A colleague of mine passed this along and I thought DT readers might be interested as well.
Tracking eye movements can let a computer know when someone is paying attention and identify exactly what they are interested in, but it's also a tricky business. Most systems work by using a camera and image recognition software to identify a person's pupils and work out the direction of their gaze.
In real-life situations, however, tracking systems can be easily confused by rapid head movement or spectacles.
Now, the Office of Naval Research is looking for better ways of tracking eyes in the hope of developing military applications, such as tracking a fighter pilot's gaze.
So it has a funded James DiCarlo, a neuroscientist at the Massachusetts Institute of Technology in Cambridge, US, to develop a magnetic contact lens.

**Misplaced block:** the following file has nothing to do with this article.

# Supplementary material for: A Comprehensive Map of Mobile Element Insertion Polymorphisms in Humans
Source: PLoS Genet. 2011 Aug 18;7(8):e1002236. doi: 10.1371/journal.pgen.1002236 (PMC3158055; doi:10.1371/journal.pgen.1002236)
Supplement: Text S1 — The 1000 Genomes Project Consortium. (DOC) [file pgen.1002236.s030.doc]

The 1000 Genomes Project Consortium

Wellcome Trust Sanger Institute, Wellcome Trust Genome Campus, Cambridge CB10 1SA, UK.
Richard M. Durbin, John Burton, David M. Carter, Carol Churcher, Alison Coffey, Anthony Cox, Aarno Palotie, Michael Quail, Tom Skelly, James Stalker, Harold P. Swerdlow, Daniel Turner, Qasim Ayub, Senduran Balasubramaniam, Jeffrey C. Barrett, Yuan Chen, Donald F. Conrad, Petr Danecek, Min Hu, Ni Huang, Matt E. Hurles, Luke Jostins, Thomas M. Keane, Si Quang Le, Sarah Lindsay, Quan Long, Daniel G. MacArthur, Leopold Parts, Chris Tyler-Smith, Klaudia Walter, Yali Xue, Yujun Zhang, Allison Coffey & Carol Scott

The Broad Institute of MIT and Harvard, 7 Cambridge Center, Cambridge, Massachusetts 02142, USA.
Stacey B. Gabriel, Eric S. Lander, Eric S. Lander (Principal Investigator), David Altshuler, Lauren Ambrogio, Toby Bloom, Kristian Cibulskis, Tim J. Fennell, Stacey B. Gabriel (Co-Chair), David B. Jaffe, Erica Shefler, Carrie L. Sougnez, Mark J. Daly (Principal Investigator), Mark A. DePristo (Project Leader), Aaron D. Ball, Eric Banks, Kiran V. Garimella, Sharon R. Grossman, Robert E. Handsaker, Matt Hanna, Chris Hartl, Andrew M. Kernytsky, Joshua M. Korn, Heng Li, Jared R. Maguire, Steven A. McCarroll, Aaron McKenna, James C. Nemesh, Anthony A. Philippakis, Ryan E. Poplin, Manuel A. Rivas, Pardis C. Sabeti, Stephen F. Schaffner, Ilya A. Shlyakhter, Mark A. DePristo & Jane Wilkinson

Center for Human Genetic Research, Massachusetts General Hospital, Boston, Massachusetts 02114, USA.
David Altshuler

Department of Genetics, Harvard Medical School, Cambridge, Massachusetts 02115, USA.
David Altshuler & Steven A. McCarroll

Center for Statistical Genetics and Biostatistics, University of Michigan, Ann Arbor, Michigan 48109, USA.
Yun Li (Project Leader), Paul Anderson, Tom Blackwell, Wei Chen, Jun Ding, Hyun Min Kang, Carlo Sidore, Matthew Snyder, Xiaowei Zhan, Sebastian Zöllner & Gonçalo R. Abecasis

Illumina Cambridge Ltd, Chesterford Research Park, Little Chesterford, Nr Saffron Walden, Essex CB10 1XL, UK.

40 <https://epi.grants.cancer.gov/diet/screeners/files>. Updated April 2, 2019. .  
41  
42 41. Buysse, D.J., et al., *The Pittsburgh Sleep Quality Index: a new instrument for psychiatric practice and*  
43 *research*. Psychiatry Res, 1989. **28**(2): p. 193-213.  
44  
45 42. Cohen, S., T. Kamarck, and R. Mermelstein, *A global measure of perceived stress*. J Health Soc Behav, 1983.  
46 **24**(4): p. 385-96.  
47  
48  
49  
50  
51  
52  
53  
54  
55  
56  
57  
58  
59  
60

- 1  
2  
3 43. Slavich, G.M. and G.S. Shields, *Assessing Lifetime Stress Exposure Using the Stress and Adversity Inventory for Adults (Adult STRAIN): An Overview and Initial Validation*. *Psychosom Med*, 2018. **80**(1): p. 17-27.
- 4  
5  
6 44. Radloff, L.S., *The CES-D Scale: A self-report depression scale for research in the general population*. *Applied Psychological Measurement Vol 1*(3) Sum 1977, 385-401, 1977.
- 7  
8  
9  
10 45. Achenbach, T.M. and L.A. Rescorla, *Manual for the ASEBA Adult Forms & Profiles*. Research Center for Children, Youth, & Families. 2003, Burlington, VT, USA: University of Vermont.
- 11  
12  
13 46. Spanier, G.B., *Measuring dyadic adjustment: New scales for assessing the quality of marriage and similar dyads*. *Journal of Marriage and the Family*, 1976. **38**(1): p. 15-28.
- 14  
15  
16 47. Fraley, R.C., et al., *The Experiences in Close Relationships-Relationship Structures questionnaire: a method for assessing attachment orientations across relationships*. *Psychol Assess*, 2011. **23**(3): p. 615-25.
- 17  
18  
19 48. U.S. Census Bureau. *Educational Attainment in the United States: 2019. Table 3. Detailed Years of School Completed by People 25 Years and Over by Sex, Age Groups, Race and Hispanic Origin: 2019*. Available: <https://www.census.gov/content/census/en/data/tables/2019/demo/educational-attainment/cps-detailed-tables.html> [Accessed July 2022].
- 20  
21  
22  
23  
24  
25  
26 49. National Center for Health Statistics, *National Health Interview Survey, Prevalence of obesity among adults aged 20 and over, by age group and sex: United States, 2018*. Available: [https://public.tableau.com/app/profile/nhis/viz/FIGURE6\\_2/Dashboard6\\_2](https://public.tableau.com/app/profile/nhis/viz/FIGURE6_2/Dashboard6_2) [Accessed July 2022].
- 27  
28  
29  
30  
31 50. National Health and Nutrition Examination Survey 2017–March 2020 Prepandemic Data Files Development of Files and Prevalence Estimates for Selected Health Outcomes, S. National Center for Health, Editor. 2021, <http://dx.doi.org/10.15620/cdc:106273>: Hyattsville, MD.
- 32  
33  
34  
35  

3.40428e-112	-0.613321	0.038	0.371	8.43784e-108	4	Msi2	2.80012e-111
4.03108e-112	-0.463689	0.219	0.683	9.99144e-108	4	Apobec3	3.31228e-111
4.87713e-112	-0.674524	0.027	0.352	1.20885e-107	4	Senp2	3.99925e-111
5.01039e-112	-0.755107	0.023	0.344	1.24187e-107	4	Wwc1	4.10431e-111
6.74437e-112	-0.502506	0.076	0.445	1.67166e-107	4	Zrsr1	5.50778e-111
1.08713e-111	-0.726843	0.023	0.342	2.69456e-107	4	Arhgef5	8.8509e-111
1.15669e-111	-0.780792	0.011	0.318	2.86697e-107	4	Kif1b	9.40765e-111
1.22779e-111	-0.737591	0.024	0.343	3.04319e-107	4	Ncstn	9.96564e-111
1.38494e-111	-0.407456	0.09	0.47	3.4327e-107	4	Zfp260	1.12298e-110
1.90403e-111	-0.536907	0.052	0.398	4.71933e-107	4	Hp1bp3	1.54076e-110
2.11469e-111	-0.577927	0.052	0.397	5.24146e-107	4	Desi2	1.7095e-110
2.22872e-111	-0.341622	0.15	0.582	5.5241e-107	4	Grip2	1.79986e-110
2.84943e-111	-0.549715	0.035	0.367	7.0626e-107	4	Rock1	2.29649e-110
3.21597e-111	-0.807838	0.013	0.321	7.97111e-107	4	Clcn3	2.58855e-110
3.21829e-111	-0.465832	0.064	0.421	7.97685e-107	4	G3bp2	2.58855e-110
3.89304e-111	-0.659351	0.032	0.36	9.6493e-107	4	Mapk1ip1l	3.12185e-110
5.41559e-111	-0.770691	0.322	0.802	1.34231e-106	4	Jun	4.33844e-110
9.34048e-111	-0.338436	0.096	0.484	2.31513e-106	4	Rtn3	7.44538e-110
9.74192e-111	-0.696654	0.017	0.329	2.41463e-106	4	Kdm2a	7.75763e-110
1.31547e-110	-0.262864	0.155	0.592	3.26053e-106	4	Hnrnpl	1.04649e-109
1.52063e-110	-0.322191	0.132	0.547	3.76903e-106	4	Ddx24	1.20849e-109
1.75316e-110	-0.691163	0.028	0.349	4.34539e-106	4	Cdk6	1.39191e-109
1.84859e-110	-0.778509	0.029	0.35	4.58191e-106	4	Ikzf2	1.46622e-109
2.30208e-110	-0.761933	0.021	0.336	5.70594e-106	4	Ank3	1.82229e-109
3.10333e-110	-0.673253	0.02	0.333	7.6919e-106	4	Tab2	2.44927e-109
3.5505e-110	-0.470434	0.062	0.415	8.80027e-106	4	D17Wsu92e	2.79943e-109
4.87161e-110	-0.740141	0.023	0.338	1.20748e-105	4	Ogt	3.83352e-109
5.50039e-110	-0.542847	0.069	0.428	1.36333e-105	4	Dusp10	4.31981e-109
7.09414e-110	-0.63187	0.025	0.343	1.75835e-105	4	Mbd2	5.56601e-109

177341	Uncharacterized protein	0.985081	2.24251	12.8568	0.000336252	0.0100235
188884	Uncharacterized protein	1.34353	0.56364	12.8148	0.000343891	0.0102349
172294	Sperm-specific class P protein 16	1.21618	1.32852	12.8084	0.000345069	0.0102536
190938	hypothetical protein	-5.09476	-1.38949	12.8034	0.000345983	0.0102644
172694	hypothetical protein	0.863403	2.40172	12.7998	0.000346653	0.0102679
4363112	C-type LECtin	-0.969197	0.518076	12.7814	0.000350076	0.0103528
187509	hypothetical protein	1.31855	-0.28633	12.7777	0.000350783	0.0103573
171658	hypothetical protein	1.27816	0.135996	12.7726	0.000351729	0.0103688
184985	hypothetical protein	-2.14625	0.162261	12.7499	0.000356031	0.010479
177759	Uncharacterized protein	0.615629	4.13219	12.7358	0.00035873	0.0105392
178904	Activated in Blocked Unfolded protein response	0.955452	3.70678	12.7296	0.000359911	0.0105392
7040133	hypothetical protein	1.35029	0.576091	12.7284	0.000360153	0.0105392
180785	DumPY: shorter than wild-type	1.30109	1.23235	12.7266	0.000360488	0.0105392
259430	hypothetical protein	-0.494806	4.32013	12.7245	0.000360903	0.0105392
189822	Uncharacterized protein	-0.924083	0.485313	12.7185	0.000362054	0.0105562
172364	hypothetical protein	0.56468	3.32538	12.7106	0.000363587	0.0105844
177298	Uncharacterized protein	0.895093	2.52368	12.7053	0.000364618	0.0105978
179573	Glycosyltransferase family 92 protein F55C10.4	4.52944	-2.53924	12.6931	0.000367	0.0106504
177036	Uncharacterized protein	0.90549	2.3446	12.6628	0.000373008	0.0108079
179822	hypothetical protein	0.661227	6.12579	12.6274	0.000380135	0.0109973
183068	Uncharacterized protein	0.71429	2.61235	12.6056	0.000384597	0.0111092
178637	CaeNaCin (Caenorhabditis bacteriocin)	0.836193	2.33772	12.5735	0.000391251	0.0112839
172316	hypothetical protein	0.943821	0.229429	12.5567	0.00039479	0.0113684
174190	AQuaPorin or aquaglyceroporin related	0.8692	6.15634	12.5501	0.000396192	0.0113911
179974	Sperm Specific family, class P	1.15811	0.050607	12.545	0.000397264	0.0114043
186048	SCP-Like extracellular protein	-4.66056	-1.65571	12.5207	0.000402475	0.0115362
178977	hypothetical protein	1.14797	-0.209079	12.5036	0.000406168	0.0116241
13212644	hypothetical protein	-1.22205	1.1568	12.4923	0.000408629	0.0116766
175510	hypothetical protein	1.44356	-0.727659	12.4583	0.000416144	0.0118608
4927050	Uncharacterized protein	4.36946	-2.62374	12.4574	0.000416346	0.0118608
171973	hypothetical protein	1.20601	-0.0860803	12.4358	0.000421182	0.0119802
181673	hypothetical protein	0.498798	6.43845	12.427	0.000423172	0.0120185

A soldier would wear the lenses and a magnetic sensor attached to the side of his or her head. The sensor picks up any changes in the local magnetic field and works out how the wearer's eyes are moving.
The system should work regardless of head orientation and movement, lighting condition,s or "face furniture" such as goggles or glasses. The team says the magnetic lenses could also let disabled people control equipment such as wheelchairs.